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The Slow Slide In Global Bond Yields & What It Means

Takeaway: Global bond yields hit new lows this morning nailing our #GrowthSlowing call.

The Slow Slide In Global Bond Yields & What It Means - bond yields

Get that Global Growth is Slowing?

 

Global bond yields do. Here's analysis via Hedgeye CEO Keith McCullough in a note sent to subscribers earlier this morning:

 

"Around the world (Swiss 10yr yield hitting new lows this am at -0.40%), long-term yields have had #TheCycle right from a GDP #GrowthSlowing perspective – question now is, with the Fed “probably” raising rates in June/July, what do we do with our league leading positions in Long-Term Bonds, Munis, Utes, etc? I say it’s time to book some gains and enjoy the summer – we can always buy them back."

 

Below is a chart of the direction of global bond yields (indexed to 100) and what they've done in the past year:

 

The Slow Slide In Global Bond Yields & What It Means - 6 1 10yr yield


Brexit: Should I Stay or Should I Go?

Hedgeye Potomac is hosting a special call with Alexander Nicoll to discuss Brexit – will the UK vote to stay or leave the EU on June 23rd? 

 

Nicoll will discuss the events leading up to the UK vote and what the outcome of the vote spells for the UK and EU.  (Hint: he believes the UK will ultimately vote to Stay...).

 

The call will take place on Wednesday, June 8th at 11am ET with Nicoll giving prepared remarks followed by Question & Answer.

 

 

KEY TOPICS ON THE CALL WILL INCLUDE 

  • How did the UK get to a vote and where do the divisions lie between political parties?
  • What are the arguments for staying and leaving?
  • Who will win?
  • What are the financial, political, and cultural impacts on the UK from Brexit?
  • What’s the impact of Brexit on the EU and Eurozone?  Could another country vote to break free?

 

ABOUT ALEXANDER NICOLL

 

Alex Nicoll is a Consulting Member of the International Institute for Strategic Studies, a London-based think-tank. Previously he was a member of the Directing Staff of the Institute as Director of Editorial, and also headed the defense program.  Before joining the IISS he was a journalist at the Financial Times newspaper for 18 years, with posts covering international capital markets, Asia, and defense. Earlier, he was a foreign correspondent for Reuters news agency, with posts in Hong Kong, Paris, Tehran and New York.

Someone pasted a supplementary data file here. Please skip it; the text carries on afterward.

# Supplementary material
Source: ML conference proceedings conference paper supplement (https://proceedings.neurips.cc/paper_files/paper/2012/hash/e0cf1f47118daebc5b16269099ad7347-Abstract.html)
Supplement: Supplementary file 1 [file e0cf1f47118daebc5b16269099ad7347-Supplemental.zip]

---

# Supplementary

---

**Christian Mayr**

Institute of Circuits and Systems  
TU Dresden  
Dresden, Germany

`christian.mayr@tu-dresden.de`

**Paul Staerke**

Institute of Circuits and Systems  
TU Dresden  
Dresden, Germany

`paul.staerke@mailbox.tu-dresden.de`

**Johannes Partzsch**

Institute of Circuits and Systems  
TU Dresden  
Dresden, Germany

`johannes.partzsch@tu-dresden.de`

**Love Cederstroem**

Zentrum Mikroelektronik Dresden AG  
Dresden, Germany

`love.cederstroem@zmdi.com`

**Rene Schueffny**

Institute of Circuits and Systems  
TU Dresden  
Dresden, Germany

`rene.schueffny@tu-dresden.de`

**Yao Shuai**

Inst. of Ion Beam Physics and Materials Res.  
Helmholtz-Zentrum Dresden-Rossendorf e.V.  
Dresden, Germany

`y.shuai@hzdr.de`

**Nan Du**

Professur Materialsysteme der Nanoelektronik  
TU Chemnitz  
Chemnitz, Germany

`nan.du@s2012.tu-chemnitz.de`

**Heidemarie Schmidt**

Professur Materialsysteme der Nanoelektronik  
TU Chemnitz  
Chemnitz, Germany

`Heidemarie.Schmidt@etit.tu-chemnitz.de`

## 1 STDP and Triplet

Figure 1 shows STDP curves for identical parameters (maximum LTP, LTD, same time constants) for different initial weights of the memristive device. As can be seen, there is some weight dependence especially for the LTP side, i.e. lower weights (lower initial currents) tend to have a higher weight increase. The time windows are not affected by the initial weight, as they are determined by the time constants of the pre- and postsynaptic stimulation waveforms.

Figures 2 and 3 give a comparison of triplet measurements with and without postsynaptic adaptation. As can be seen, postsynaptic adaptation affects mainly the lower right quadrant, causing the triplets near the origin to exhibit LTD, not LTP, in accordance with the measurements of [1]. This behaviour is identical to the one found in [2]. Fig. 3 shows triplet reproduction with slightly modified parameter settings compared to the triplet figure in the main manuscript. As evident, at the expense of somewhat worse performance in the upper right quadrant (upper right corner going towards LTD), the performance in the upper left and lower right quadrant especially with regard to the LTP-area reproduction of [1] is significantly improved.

Ping for more information.

 


OPEC Insight | McMonigle: Saudis May Seek Oil Policy Change In 2017

Hedgeye Potomac Senior Energy Policy Analyst Joe McMonigle is on the ground in Vienna ahead of tomorrow's OPEC meeting. In the interview below with Leslie Hayward from Energy Fuse, McMonigle provides key insights ahead of the meeting and discusses why Saudi Arabia may seek an OPEC oil policy change in 2017.

 

Click below to watch.


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ZROZ: We Are Removing Pimco 25+ Year Zero Coupon US Treasury ETF From Investing Ideas

Takeaway: Please note we are removing Pimco 25+ Year Zero Coupon US Treasury ETF from Investing Ideas (long side) today.

ZROZ: We Are Removing Pimco 25+ Year Zero Coupon US Treasury ETF From Investing Ideas - Growth cartoon 0624.2014

 

In Real-Time Alerts today, Hedgeye CEO Keith McCullough explained why investors should be selling long exposure to Pimco 25+ Year Zero Coupon US Treasury ETF (ZROZ):

 

"Yep, with your #GrowthSlowing investment exposures having a great absolute and relative day, it's time to book some more gains and raise cash.

 

On Bond Yields, this is what I wrote to our Institutional Subscribers this morning – around the world (Swiss 10yr yield hitting new lows this am at -0.40%), long-term yields have had #TheCycle right from a GDP #GrowthSlowing perspective – question now is, with the Fed “probably” raising rates in June/July, what do we do with our league leading positions in Long-Term Bonds, Munis, Utes, etc? I say it’s time to book some gains and enjoy the summer – we can always buy them back.

 

No one ever went broke booking gains,

KM"


An Update On Global Growth Slowing & Wall Street's False Narratives

Takeaway: Recently reported PMIs and revisions to the OECD's growth outlook spell out what we've long know here at Hedgeye. Global growth is slowing.

An Update On Global Growth Slowing & Wall Street's False Narratives - wall st

 

Wall Street storytelling about the stock market is at an all-time high. And one of those tall tales completely unravelled this week, Hedgeye CEO Keith McCullough writes in a note sent to subscribers this morning: 

 

"One narrative (for almost a year now) has been that “PMIs have bottomed” – and, clearly, post yesterday’s Chicago PMI of 49.3, last night’s China PMI of 50.2, and this morning’s 3 month low Eurozone PMI of 51.5, they have not – neither has copper and/or 'Chinese demand.'"